Solo Rischiando tu Vivrai
The title is from Andrea Bocelli’s love song to God, “Un Nuovo Giorn" (A New Day). Solo rischiando tu vivrai translated means "Only [by] risking will you live.”
I was thinking about this song a few days ago during a meeting with people who are on the front lines of disaster preparedness. The fact is, we have advanced so much with what we have built in this country that the impact of weather is much, much greater. But what are you going to do? Not build? Not advance? Not risk?
Do you wish to exist or to live?
In the whole crazy world that weather and climate have been drawn into, there is an elevated sense of pain, and it’s blamed on the weather being worse. In reality, the pain is a product of people having more and assuming it’s theirs and cannot be taken away. Now, if I were simply wishing to make sure what I do was elevated, I would naturally play up how bad things are getting. But there is no need for that. Why? Because as we advance as a society, the weather as it is becomes more important.
Let’s take this heat wave. I have been doing a case study on some social media hype that I’ve seen, and this happens quite often — a model comes out with an extreme idea, and then someone latches onto it and says, “See, this is where the climate is going.” We showed Lubbock, Texas, back in May, and this time we are using New York City. The Lubbock average bust on day 12 was 6° too warm. In New York City, through Friday it’s already 5.6°! Yet you are not going to see anyone who was using a model talk about that model when it busts.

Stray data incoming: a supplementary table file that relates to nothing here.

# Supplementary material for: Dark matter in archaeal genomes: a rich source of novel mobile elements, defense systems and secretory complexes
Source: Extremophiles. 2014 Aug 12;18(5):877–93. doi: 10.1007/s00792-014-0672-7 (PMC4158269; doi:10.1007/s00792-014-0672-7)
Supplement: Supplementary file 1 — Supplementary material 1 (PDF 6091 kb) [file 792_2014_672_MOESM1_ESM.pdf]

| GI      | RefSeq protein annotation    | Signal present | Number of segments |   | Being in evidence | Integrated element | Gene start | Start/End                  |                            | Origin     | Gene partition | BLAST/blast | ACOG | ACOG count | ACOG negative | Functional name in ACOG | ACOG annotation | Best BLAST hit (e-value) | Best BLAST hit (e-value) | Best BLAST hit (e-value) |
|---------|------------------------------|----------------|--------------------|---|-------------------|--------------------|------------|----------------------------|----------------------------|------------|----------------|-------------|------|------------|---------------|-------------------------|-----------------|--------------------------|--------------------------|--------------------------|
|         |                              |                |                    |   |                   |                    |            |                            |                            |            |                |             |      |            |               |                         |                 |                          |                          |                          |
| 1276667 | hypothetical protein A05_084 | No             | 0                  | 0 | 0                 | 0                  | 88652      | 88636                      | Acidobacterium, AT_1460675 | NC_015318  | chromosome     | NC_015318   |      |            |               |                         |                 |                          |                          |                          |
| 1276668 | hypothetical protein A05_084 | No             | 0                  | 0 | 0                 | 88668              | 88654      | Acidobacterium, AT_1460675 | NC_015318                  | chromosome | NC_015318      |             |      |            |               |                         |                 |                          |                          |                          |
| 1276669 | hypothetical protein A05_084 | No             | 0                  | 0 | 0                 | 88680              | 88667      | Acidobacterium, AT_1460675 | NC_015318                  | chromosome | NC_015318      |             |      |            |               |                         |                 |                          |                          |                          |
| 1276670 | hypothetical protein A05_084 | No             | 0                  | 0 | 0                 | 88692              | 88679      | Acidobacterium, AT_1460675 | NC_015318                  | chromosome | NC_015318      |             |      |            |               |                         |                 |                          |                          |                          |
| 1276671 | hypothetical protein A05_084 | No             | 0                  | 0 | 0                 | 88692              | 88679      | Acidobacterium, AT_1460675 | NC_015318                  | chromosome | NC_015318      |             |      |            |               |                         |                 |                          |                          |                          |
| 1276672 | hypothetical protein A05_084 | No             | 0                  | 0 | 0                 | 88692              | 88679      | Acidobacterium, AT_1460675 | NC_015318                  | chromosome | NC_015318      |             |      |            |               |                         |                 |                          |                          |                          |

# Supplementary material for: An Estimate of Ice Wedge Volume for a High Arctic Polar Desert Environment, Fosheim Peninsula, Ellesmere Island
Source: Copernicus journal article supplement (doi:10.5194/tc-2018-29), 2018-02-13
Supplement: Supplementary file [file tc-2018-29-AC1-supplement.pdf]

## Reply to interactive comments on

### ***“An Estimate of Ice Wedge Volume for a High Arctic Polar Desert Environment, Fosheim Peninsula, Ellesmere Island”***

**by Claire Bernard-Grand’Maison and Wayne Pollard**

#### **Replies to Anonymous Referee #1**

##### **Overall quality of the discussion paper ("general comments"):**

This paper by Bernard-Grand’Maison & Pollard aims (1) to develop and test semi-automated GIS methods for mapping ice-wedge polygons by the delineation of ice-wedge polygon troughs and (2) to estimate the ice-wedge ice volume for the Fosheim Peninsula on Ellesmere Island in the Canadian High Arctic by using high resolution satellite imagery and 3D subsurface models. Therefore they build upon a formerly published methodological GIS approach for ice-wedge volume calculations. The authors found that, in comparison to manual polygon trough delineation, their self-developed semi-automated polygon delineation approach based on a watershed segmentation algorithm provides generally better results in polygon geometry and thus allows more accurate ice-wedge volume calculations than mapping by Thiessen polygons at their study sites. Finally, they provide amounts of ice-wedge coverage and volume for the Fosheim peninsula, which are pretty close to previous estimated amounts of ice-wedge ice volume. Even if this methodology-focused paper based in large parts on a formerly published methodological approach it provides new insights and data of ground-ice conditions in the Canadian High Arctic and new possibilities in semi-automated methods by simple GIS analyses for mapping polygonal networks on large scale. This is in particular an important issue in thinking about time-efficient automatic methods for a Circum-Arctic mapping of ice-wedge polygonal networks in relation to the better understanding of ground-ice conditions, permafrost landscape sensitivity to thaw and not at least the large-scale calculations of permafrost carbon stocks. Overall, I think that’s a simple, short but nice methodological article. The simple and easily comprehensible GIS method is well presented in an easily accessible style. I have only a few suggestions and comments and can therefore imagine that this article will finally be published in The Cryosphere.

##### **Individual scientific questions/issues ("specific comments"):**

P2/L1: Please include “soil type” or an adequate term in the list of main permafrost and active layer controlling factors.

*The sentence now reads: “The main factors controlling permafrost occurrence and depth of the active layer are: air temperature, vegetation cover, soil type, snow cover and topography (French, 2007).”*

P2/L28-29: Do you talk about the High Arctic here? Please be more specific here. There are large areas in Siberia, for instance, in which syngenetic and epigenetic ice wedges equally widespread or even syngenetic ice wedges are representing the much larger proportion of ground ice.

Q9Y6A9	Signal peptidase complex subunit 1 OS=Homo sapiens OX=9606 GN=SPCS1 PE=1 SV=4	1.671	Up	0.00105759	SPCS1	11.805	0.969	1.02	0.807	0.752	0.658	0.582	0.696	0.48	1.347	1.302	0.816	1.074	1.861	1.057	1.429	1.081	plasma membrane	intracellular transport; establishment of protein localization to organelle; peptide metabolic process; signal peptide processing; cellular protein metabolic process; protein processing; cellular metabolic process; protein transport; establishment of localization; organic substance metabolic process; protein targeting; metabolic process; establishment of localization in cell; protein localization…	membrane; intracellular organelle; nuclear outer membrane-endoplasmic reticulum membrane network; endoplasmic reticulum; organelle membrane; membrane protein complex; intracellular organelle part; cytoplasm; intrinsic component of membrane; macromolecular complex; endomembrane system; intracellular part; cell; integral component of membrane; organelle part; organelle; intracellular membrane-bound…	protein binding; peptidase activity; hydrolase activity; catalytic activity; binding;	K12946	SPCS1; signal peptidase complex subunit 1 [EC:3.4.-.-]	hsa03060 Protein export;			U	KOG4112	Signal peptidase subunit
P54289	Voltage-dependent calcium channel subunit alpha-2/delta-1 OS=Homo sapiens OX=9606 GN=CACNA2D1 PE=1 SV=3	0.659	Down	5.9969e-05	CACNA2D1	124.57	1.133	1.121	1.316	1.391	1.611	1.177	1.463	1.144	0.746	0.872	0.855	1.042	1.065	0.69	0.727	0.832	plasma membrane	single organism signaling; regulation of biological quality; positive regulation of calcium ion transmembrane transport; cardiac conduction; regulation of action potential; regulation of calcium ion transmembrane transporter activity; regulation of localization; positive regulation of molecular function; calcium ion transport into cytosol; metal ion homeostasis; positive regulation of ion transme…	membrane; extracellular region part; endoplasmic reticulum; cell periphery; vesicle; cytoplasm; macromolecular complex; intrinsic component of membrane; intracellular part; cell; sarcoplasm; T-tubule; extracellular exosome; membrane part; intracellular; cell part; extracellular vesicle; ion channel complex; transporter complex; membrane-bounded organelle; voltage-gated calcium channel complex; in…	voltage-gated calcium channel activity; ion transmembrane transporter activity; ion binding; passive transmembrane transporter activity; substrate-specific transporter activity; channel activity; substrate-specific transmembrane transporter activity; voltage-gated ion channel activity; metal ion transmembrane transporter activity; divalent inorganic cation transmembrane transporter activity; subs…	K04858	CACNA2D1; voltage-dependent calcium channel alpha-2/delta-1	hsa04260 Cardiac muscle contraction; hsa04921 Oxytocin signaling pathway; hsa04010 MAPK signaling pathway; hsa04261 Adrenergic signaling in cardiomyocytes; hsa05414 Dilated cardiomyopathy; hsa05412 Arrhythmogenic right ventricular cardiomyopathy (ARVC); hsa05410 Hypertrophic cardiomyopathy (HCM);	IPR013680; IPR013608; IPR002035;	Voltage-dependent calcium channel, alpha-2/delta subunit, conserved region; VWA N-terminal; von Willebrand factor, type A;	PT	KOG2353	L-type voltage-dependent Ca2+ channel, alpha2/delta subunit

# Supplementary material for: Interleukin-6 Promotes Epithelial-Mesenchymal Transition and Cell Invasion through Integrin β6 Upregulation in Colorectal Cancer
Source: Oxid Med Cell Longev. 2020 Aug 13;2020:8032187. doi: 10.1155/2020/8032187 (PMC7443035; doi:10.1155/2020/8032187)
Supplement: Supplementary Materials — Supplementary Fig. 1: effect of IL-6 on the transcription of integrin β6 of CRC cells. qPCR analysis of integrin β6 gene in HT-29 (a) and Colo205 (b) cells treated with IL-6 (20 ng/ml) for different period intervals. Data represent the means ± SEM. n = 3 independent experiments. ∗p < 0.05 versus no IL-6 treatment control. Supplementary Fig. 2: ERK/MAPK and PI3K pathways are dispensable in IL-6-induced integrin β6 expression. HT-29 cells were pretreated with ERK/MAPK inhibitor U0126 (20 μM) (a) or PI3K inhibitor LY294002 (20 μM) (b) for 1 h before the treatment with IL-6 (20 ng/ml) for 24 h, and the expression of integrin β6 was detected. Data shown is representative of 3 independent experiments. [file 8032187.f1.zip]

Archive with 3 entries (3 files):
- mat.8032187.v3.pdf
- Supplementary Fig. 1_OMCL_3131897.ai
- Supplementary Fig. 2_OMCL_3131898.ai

The current heat wave was first talked about here three weeks ago, similar to how the bitter cold that developed around the holidays was seen well beforehand. This heat wave can’t hold a candle to some of the heat waves of the past. The heat index has replaced actual temperatures as a metric to convey to the public how hot it is. I was driving through Illinois and Iowa recently listening to forecasts with heat indexes of 110° in places — where it actually did reach 110° in the 1930s. My point? An actual temperature of 95° is not as bad as an actual temperatures of 110°. Yet the message conveyed to stir the public makes no mention of what happened before, just how you are going to feel even worse!
The fact is, we have become creatures of comfort. We have risked and built, but what makes anyone think that our grand plans are not going to be upset by what, quite frankly, is something that should happen in summer — a big heat wave? If it was the 1930s, this would not be as big a deal, nor would anyone be constantly telling you how bad it is and making you feel that your stepping outside would be into a fiery furnace worthy of Shadrach, Meshach, and Abednego. I wonder if that makes Donald Trump Nebuchadnezzar given his attitude. To steal from my friend “Larry the Cable Guy”…